The primary difference between designing for a phone or tablet is at its most basic that one is a smaller form factor, and one is larger (you’re welcome for that blistering insight). It can also impact another difference: the usage patterns for each form factor. Tablets, for example, are best equipped to handle complex tasks requiring more information or interaction—and people are willing to spend more time on them. That’s because tablets have the real estate to support more data and more functionality. People use smartphones, on the other hand, much more frequently than they do tablets, though in much shorter bursts. As a result, smartphone apps tend to be focused on a limited number of specific tasks that can be accomplished quickly.
The differences in size and usage between form factors can dictate the type of content model to use in designing an app. Our crew management app, for example, leads the user through the work process differently on the phone versus the tablet. In the case of this app, a nested doll layout works well in its iPhone application. Pages are stacked so only the necessary information is displayed per screen and the sequence takes its users from invoice creation to signature capture through separate screens.
Nested doll designs should be used carefully and judiciously, however. Many users would rather not dig through multiple layers of an app to accomplish their tasks. A design that requires nesting screens more than two levels deep may mean that the app’s scope is too large for the smartphone form factor. That’s where user testing comes in: test your app to make sure users will actually navigate through the nested layers, or if they will simply wait until they have access to a tablet or PC.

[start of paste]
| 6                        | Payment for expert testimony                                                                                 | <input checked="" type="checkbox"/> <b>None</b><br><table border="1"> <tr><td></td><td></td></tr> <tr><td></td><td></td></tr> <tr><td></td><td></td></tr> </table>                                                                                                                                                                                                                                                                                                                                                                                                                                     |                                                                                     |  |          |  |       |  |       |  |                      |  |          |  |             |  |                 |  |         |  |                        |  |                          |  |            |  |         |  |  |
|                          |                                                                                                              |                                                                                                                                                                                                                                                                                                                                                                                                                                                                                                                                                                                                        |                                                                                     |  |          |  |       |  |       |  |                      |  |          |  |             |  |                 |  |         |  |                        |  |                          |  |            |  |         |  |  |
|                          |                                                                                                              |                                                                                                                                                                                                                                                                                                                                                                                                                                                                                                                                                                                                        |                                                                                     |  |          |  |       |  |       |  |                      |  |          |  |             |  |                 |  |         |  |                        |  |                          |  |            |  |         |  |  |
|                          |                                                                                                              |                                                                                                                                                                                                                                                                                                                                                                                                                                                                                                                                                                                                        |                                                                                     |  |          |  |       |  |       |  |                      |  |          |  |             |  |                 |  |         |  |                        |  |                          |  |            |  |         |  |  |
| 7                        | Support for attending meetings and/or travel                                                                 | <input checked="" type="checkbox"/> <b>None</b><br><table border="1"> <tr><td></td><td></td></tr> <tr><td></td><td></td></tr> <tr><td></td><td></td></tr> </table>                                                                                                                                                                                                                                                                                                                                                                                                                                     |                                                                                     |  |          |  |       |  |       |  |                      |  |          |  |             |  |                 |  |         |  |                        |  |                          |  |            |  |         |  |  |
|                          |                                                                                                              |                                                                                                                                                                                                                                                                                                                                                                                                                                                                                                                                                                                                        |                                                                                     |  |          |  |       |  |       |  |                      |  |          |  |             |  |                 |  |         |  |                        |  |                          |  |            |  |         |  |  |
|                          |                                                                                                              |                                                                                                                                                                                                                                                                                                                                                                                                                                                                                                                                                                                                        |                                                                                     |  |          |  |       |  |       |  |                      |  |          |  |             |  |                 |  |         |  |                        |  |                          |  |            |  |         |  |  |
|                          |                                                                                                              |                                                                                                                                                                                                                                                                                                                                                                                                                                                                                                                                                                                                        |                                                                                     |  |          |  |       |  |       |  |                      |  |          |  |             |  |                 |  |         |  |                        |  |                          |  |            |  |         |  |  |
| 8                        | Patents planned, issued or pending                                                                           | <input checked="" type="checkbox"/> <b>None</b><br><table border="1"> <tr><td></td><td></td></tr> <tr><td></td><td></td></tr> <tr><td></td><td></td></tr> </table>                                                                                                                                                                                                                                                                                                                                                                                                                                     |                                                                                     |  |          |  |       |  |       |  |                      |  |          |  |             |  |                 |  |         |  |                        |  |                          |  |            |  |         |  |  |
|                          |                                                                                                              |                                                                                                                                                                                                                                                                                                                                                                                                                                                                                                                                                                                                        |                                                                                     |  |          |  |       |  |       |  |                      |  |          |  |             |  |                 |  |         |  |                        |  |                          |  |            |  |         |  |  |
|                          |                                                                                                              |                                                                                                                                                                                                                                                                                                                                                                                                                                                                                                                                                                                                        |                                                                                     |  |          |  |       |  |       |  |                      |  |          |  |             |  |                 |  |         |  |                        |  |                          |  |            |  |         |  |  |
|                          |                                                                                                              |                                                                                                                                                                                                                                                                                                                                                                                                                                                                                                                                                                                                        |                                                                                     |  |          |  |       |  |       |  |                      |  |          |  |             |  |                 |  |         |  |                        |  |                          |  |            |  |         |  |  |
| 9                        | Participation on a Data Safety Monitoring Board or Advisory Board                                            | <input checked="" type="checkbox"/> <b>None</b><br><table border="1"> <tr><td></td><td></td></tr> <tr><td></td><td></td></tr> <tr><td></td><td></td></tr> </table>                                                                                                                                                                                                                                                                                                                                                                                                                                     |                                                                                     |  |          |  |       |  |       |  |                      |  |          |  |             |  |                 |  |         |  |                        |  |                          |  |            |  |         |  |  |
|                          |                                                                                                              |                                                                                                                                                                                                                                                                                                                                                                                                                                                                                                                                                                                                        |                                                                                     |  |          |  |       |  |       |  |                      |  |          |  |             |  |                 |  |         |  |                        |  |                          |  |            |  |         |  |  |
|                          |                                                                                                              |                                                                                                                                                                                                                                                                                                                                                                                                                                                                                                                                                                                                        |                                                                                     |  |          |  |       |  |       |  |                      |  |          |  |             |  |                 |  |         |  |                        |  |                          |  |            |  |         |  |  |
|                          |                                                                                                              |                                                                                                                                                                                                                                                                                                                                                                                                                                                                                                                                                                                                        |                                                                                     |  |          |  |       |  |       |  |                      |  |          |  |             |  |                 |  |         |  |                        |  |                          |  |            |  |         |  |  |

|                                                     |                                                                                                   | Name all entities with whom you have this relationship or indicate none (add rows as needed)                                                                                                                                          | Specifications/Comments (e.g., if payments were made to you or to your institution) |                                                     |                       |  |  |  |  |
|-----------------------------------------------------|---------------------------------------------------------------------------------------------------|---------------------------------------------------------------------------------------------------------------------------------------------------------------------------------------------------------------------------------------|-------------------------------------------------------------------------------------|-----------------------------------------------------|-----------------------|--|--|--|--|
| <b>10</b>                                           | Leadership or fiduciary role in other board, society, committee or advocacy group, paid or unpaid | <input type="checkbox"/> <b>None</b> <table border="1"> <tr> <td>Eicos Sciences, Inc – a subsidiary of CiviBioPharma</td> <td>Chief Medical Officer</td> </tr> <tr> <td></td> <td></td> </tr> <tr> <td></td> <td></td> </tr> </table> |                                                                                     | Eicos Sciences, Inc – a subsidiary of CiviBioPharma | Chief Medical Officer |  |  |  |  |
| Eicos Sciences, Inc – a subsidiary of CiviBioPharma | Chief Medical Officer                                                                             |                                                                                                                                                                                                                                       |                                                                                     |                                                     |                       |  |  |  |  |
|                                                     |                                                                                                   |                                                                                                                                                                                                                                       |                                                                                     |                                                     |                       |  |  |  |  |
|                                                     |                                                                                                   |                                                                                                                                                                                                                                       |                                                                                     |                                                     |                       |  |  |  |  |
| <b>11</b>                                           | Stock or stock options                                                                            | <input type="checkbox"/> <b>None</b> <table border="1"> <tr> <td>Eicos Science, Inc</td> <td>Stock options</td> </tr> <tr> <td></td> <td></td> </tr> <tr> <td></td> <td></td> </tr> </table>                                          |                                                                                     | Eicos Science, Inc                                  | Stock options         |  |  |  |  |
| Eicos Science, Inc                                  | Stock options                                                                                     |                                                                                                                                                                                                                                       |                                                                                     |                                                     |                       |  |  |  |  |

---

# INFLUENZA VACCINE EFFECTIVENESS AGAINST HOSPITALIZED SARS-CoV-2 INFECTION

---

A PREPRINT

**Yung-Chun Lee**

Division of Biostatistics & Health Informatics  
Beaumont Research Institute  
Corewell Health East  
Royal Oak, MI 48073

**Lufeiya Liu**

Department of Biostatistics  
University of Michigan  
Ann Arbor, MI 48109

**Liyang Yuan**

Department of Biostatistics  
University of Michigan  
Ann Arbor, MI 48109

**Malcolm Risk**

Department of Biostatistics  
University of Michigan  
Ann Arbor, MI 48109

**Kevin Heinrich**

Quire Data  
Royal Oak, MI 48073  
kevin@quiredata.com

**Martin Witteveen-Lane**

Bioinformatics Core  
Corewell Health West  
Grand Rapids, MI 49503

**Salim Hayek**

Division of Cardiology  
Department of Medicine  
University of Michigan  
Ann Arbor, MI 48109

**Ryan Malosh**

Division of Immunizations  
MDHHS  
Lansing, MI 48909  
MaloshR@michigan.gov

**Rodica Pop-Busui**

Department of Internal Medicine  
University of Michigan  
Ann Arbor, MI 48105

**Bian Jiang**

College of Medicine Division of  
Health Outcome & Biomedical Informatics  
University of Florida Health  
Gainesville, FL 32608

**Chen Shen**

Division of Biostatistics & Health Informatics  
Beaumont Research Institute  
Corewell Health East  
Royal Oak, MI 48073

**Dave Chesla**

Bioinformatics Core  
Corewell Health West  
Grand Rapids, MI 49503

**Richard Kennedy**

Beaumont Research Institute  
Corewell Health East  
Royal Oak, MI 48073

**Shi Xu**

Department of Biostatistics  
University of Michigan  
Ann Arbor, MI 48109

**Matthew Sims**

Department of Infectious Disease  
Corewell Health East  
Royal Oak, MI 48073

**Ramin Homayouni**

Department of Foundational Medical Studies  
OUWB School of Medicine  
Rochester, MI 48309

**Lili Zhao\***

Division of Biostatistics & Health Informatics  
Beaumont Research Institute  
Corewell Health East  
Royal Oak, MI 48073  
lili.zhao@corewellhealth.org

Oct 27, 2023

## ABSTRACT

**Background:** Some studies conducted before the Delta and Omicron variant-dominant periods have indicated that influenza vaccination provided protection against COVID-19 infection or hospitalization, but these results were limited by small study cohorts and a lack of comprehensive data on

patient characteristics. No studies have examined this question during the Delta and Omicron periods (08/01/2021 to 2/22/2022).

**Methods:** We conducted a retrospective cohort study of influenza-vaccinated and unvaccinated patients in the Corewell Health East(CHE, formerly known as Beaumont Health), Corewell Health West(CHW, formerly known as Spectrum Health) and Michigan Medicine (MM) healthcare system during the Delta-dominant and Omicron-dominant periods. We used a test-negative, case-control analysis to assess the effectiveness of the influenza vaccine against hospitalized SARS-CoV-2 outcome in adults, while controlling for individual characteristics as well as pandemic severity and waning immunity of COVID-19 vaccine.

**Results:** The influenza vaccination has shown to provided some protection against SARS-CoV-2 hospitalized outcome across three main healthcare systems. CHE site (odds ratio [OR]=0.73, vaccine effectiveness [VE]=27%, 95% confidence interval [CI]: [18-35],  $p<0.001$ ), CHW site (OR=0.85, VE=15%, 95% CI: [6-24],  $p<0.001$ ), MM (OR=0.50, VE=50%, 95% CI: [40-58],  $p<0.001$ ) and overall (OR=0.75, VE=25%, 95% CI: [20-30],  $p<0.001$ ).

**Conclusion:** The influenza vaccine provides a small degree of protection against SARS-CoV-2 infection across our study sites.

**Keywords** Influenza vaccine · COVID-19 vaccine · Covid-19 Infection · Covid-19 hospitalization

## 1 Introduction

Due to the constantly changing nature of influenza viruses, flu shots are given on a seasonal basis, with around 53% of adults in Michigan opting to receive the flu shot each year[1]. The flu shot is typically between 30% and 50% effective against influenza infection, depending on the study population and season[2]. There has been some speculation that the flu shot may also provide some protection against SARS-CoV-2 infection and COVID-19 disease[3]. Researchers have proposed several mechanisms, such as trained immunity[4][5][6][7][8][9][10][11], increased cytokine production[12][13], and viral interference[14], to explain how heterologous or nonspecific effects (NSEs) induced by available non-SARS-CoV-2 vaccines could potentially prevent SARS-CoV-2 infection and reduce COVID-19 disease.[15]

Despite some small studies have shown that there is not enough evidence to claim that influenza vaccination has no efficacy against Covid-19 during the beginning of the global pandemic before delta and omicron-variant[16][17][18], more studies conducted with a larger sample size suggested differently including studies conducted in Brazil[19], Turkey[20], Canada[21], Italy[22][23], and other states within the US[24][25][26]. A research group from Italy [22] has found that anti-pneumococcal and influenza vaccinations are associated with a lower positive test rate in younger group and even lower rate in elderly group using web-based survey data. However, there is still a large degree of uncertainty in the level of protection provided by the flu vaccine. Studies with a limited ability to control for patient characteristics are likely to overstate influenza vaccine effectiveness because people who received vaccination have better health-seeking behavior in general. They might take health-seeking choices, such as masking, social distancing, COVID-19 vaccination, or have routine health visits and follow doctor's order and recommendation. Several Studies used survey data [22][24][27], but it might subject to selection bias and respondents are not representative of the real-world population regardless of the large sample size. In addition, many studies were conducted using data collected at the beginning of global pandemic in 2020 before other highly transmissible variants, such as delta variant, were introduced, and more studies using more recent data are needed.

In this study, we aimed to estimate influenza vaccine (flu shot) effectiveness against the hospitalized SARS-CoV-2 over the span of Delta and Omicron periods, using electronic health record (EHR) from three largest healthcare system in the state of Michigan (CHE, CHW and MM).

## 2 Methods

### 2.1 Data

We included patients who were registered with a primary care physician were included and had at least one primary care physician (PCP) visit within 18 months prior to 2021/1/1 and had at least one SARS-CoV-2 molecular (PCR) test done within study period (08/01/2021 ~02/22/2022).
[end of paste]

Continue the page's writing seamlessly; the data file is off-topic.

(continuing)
And if your team does prefer to work on a tablet? With the extra space afforded in the tablet version of the same crew management app, the design uses the hub and spoke content model approach. In this content model, the user can select an item and that same screen changes, displaying new information because there’s room to do that without overwhelming the user. (And these are just two of many forms of information architecture on mobile devices.)
An app that’s just right for your users is one that plays to the strengths of the device while helping your team meet their business objectives. In building a mobile app for a wine maker in Australia, a DSI client considered user preference, the job, the location and the device to come up with the best app for their employees in the field. To equip users who travel to vineyards in triple-digit weather to assess vines and capture that information, a primary concern was moving users through the work process quickly for their comfort and well being (it’s hot out there!). As such, a smartphone was too small to move quickly through the number of data entry points. Conversely, a full size tablet was too large to lug around between the vines. Based on user preference, the company opted for the iPad mini, which proved just the right size for the job.
Size isn’t the only thing that matters, however. The purpose of the app is crucial to determining which device to choose. Restaurant ordering apps for diners to place orders, pay or play games while waiting for their meal are becoming more common. Based on this use case, the form factor of choice would be a tablet. Why? Because they’re big enough to attractively display interactive features, they can be made available at each table, handle wear and tear and they can be mounted to prevent theft. Some customers might be willing to download a mobile app on their phone—but the adoption rate may be higher if it’s available at every table, regardless of what device a diner has. In this very specific use case, the tablet is the clear winner.
What’s your experience been in building an app to meet your business goals? We’d love to hear from you.